Gloria Brame, Ph.D.

Beautiful Cytherea: Classic lesbian art

Filed By Gloria Brame, Ph.D. | June 16, 2010 1:30 PM | comments

Filed in: Entertainment, Gay Icons and History, Living
Tags: Aphrodite, Greek mythology, lesbian art, lesbians in Greek mythology, Victorian engraving

Found this lovely Victorian engraving of a Greek myth, depicting the goddess "Cythere" (in French) embracing a girl. According to Wiki, "the goddess Aphrodite was said to have been born from the sea, from which she emerged on a sea shell at the island of Cythera, and as such was sometimes known as Cytherea."


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I'm trying to figure out who the other girl might be... if indeed it is a girl (You know those Victorian engravers!). There's not much in the Aphrodite story to suggest an answer, which is kinda odd for the artist in question, since most in that period had clues and backstories all over the map when it came to stuff like this. However, one thing I *can* tell you for certain is that the engraver's signature is the same as one used extensively by Doré.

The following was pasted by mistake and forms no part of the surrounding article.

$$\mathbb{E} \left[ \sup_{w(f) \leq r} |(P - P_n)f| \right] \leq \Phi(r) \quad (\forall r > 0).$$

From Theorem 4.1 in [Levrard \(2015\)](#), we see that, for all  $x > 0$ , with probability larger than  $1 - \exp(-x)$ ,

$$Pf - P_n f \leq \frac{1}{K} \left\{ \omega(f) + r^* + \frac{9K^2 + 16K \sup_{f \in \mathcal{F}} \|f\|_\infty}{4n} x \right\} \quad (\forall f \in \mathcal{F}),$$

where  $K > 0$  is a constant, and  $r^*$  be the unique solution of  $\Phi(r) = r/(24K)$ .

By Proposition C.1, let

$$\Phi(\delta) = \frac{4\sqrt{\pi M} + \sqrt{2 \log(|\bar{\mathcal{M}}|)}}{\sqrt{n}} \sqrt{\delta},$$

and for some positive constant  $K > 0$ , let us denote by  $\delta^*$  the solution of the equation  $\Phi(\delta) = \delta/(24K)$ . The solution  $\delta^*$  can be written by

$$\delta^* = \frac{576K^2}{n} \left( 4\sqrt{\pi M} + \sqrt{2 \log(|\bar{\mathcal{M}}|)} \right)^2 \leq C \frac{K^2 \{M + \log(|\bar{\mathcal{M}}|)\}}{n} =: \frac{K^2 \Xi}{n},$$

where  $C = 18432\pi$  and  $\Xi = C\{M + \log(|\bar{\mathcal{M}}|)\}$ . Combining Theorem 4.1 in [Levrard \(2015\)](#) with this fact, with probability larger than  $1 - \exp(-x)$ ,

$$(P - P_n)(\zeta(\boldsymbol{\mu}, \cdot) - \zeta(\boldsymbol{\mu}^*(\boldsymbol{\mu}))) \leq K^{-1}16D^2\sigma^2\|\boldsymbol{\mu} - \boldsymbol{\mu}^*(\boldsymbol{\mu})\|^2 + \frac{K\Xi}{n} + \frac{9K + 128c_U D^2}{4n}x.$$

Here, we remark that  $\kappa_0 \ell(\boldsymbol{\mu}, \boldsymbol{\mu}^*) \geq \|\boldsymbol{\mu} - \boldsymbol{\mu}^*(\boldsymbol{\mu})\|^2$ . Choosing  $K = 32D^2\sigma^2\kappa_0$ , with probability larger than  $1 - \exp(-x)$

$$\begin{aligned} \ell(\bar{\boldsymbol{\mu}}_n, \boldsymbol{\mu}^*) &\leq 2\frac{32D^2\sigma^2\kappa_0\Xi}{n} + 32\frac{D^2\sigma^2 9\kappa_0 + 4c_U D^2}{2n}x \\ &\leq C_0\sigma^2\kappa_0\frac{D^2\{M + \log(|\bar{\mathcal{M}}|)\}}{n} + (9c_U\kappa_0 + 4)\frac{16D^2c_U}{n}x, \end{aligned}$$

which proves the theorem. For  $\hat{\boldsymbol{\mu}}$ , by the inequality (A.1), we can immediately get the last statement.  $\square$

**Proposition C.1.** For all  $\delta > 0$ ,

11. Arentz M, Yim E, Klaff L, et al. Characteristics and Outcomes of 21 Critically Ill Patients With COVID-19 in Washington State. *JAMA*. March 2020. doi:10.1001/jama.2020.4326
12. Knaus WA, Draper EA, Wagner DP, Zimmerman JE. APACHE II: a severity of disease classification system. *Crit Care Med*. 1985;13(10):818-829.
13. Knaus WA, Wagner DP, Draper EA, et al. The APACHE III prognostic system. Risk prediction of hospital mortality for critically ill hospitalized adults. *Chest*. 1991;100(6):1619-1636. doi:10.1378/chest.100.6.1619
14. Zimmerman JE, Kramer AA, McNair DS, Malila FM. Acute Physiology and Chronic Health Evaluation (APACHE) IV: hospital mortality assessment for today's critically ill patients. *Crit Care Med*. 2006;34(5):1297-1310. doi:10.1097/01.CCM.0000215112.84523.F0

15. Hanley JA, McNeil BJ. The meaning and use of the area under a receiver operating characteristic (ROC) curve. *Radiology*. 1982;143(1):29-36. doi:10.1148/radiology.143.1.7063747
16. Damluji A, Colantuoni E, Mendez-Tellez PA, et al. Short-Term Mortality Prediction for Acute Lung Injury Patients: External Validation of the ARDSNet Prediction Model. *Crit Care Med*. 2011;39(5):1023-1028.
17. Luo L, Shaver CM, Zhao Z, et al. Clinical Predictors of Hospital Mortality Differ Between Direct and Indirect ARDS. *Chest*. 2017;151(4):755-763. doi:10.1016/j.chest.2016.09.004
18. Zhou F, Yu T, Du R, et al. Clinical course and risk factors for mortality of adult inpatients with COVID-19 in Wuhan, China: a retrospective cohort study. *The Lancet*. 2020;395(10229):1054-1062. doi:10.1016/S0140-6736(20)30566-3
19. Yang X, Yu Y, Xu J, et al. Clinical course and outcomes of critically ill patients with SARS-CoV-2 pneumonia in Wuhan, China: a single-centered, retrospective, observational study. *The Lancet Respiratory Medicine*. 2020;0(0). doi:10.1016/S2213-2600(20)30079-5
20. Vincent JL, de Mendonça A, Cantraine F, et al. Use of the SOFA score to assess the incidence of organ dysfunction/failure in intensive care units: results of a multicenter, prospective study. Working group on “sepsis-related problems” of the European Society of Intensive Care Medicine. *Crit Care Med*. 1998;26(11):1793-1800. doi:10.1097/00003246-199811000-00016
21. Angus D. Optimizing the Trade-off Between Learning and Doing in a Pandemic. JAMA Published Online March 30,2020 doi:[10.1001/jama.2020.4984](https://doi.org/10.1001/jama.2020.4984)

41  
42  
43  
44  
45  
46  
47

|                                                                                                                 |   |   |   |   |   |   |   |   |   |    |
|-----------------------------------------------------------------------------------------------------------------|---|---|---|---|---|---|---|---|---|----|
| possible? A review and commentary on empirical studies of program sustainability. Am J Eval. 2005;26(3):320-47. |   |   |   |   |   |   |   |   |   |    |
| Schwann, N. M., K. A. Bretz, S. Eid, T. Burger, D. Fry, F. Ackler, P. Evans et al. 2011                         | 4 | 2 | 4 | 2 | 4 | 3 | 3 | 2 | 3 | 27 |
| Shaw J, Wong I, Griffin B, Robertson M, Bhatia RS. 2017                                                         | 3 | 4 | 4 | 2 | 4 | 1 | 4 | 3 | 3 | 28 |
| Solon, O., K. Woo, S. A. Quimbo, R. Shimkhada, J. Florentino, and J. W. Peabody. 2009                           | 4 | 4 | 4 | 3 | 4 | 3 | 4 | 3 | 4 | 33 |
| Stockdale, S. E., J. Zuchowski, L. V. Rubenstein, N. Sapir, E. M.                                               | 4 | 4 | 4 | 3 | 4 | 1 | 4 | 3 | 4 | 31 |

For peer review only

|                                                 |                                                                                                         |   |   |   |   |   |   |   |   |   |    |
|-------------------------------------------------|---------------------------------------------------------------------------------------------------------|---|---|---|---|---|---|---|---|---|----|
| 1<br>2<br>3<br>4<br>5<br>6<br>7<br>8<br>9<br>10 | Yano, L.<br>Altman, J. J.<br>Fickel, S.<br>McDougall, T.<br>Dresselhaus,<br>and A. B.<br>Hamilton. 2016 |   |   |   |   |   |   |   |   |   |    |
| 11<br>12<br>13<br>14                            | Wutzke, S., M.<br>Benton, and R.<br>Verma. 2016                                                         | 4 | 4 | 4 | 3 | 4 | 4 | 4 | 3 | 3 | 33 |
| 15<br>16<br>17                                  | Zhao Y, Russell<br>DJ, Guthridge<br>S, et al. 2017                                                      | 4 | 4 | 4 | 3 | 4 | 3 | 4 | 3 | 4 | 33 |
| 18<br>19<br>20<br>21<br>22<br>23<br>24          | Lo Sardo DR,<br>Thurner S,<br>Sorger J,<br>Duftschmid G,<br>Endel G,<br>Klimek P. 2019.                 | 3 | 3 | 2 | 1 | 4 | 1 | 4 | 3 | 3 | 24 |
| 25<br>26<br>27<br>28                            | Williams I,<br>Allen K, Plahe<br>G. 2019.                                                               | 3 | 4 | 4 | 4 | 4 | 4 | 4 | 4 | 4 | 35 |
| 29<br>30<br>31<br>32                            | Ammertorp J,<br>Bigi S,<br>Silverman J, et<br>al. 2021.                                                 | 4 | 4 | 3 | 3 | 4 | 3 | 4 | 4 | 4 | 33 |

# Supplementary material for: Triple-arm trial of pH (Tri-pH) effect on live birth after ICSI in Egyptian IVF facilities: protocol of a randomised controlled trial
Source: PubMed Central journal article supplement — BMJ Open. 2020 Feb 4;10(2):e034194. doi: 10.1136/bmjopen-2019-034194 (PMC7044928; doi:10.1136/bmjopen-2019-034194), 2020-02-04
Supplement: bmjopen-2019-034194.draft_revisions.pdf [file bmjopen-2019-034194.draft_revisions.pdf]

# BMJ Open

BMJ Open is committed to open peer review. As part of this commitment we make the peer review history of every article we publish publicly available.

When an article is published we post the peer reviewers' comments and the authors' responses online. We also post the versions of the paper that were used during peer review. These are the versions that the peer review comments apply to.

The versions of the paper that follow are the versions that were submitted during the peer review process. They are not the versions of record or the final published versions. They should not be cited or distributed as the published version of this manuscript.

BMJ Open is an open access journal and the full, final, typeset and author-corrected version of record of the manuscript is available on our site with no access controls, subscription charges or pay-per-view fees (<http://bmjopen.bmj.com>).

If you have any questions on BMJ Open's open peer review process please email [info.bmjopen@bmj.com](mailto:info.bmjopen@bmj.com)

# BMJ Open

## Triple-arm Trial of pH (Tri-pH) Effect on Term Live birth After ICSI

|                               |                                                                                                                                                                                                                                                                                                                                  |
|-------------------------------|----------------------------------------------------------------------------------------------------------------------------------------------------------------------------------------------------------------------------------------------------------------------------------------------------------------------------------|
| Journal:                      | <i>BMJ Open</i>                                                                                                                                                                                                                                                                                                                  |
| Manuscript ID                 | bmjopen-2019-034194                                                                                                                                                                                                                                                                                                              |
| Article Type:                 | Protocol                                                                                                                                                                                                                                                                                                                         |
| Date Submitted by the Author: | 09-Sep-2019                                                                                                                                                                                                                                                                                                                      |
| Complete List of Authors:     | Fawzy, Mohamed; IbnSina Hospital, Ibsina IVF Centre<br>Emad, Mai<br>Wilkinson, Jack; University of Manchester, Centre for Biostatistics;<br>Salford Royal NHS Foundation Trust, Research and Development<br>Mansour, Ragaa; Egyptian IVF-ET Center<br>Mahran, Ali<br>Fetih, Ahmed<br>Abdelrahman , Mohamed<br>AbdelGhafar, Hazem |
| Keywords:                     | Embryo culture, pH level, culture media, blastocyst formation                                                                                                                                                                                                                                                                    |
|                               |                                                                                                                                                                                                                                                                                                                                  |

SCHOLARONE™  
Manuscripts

Oh, and little trivia piece: Aphrodite was born when Cronos, the father of the gods, cut off Uranus' genitalia and threw it in the ocean: from that Bobbett-esque gesture, Aphrodite was born. Those Greeks, always a madcap bunch.

I wonder which is the goddess and which is the girl? They both look like Goddesses to me. :)

Probably the one on the left. Aphrodite was always so much of a femme, and the one on the right is in what would have been considered hunting gear, much like Pallas Athena would have worn.